I’ve loved two men in my entire life. The number I’ve conquered is a far greater tally, but I’ve only truly ever loved two. First love and what I assume to be my current last love. There is no added benefit in shouting the drunken late night couplings with men whose names I can’t recall. They were hiccups in a story and add up to meaning next to nothing in the great long story known as my life.
Late at night, early before the dawn, I remember all the men. My mind sifts through each of them trying to correlate a recognition. What did they mean? If they meant anything at all? I have to calm an obnoxious dream and say to myself, “They have only a little bearing on the person that I am.”
They were just men. We are all just men to a few people.
They were men I spent a few hours with, had some intimate pleasurable times with and they’ve been gone for over a decade. Some of them I dated for mere months, maybe a year or so. One of them I even married. Looking back and taking all-in-all into full account, I can say with the upmost honesty: “I married a man once and I didn’t love him.”
After his abusive tirade of a relationship and my exhaling assurance of finality in divorce, I combed a town over looking for more love. I didn’t find much of anything in these cigarette-filled smoky bars where names no longer exists in a small town: The Wild Dawg. The Stoned Monkey Bar. Fluid. The Union. The Drop Shop (and its twenty reincarnations which followed).
Bars become almost as hard to remember as boys.
College days spent roaming and binge drinking. I remember one boy. I never even knew his name. He taught me a valuable lesson in humbling humility.
I was trying to shoot pool while out on the town with a fellow girl. I’d met her waiting tables and we wanted to go out. Live up the night and our youth. We painted faces with decadent precision. Nails were manicured with meticulous shining french tips. Outfits were chosen to hide our insecurities and accentuate our assets.
I see a boy. Cute. Tall. Broad shoulders. Drowning in masculinity and attraction. His shirt ridiculously too tight and tailored to his confident body. My shyness became conquered by liquor. I write my supposedly all important number down on a white cocktail napkin, hand it to the cute boy and ask him to call me sometime. I flashed my huge, welcoming smile. Radiate love and sexual attraction, remembering to be friendly but not overly desperate. As I turn to walk away, I turned back around for one more glimpse. I sought for a hint that he would call me. I watched as he took my number to the nearest trash can and threw it away. He never called.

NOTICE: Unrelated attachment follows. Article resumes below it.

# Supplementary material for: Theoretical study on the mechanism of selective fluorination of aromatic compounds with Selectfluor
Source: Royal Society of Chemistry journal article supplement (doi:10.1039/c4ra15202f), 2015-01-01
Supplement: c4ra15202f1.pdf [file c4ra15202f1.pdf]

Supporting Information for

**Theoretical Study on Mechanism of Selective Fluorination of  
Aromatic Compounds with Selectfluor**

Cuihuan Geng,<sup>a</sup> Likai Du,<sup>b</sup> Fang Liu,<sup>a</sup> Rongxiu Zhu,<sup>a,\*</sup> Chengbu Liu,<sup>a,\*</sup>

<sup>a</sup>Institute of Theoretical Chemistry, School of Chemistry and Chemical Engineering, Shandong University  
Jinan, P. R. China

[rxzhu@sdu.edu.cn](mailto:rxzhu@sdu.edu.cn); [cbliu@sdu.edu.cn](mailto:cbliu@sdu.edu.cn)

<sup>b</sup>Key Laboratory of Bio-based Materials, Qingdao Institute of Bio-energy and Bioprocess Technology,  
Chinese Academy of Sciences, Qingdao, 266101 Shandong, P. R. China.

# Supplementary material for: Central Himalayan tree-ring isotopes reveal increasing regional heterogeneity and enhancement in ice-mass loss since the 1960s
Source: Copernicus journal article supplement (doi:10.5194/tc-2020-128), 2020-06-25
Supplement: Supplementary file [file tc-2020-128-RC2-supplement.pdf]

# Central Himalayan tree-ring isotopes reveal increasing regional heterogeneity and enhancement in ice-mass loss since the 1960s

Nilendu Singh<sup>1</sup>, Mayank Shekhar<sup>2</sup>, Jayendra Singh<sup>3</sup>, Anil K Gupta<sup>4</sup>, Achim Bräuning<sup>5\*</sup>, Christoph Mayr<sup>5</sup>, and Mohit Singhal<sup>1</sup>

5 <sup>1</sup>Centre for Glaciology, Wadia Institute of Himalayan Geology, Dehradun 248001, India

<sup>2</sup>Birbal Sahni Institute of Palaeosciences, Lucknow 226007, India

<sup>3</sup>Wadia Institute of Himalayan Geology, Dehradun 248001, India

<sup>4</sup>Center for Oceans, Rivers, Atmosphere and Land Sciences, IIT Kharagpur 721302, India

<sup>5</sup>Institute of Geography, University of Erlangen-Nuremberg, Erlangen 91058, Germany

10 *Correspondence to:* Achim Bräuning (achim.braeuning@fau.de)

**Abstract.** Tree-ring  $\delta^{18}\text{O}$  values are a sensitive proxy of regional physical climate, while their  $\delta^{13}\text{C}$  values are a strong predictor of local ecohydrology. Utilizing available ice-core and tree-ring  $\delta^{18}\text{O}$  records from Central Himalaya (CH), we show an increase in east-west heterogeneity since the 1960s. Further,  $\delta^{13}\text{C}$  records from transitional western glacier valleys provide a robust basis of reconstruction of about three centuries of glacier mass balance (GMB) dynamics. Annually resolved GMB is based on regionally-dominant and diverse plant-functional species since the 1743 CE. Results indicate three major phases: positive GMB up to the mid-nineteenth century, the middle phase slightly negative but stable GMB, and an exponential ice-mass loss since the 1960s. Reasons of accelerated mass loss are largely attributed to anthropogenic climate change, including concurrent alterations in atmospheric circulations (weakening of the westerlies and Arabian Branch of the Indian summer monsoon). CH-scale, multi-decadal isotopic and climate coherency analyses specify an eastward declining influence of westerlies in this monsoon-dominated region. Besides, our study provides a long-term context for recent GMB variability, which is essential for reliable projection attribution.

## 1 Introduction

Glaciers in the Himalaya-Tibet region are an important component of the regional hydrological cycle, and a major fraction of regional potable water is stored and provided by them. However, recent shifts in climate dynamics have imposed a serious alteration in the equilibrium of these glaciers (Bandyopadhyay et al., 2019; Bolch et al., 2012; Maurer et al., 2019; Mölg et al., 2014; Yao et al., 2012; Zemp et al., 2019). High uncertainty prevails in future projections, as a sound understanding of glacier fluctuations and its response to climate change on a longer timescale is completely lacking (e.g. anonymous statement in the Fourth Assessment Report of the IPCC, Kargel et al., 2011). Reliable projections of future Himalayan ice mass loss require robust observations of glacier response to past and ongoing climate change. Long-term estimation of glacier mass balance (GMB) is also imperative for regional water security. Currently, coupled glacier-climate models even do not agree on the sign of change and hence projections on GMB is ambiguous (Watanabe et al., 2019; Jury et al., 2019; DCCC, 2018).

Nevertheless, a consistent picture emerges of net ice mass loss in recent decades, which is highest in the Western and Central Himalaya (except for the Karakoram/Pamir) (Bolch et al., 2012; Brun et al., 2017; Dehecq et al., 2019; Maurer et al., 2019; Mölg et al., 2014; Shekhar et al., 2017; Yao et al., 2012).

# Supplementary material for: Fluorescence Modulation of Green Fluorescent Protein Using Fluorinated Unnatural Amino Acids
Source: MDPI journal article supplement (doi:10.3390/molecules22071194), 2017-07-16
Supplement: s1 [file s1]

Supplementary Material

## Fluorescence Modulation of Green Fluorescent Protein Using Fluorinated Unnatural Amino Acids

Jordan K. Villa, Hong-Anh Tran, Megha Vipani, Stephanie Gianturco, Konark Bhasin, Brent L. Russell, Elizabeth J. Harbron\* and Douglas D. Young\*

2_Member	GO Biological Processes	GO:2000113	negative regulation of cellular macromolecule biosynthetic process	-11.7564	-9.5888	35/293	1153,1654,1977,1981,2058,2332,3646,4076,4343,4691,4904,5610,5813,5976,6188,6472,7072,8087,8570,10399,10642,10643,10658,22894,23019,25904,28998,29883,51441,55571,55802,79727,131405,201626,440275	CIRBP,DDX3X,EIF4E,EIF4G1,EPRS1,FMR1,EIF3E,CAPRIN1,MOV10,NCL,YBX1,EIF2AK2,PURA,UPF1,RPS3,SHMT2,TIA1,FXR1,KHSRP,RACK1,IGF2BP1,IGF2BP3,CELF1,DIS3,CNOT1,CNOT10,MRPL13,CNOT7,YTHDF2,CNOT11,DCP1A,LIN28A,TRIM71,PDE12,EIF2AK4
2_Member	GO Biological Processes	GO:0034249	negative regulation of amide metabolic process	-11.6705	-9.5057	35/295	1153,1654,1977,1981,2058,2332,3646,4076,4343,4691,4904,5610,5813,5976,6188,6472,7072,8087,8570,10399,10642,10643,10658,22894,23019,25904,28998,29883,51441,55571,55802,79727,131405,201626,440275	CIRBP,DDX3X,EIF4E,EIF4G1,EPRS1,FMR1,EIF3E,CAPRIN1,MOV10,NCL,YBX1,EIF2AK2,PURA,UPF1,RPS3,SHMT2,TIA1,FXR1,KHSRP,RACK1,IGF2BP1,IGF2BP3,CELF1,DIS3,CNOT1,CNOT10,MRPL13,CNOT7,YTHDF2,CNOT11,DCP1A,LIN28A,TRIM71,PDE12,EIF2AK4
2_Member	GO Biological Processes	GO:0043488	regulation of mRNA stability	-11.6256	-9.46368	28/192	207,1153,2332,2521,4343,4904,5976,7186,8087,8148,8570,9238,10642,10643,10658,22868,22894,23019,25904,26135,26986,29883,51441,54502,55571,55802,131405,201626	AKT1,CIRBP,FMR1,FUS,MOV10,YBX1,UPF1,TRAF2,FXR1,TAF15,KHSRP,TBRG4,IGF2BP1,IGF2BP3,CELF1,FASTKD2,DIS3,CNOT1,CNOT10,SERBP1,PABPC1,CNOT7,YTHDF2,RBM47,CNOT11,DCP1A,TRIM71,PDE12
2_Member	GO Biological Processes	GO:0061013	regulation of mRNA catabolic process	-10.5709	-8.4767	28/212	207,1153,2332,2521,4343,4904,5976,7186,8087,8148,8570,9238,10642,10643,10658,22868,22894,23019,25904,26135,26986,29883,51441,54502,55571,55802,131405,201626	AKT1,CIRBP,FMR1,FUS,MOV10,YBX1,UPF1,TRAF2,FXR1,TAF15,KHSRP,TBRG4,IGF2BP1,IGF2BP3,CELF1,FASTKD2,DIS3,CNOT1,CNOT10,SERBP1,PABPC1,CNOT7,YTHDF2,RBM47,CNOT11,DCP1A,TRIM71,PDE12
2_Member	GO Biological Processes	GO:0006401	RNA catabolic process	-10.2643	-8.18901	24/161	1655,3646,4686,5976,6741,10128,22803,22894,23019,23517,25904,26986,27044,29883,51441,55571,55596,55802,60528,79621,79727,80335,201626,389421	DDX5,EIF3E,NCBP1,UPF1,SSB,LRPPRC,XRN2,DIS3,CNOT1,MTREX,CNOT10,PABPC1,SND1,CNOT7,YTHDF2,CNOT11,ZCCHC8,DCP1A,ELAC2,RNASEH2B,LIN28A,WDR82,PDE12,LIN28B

No coincidences. He didn’t want to keep that number. He didn’t want to talk to me.
Going back through all of the names. Some I have surnames to attach to first names and some I do not. Some boys were only a fleeting night where they made me smile and they have no story longer than the time it takes you to read the words on this page. They were just a brief intermittent connection in my lifetime.
I say to my husband, “There are no coincidences.”
He replies, “I don’t believe that.”
“Were you a coincidence?” I breath in a long breath to exhale these words. “I thought I was going to hang out with a friend at his house. I didn’t want to go to a party. I didn’t even know he was having a party. I hadn’t done my hair or my make-up. Our friend decided to throw a party. The only party I’d ever attended at his house since we went college, and I knew the kid since I was 9. And there you are. Of all people to come to that party on that night. I came and I met you. And here we are.”
Here we are with a full-on marriage. Hardcore growing up. No more wild nights. No more staying up until the sunrise and hitting McDonald’s drive-thru because they’re finally serving breakfast. We are now a parental unit doing the adult thing: paying bills and teetering on the thin line of love and hate.
My first love was so damn different than this last love. Probably because we didn’t have a marriage or kids or responsibilities and we thought we knew everything when we didn’t know anything. We were young, reckless and just in love.
Maybe there are no coincidences. I met each human for the exact period of time I was supposed to have known them. A few hours, a month, a couple of years, and, finally, the rest of my life. I doubt I’ll love again. I don’t want to. I’ve found love to be too much damn work. The reward not as great as the soul crushing and painstaking tears I’ve placed into the entire thing.
I can’t choose fate though. That’s the catch twenty-two. If there are no coincidences and my bleeding, forever-loving heart is matched at just the right time with another human being, I don’t have a choice in the matter. I just go on loving, even if I don’t want to.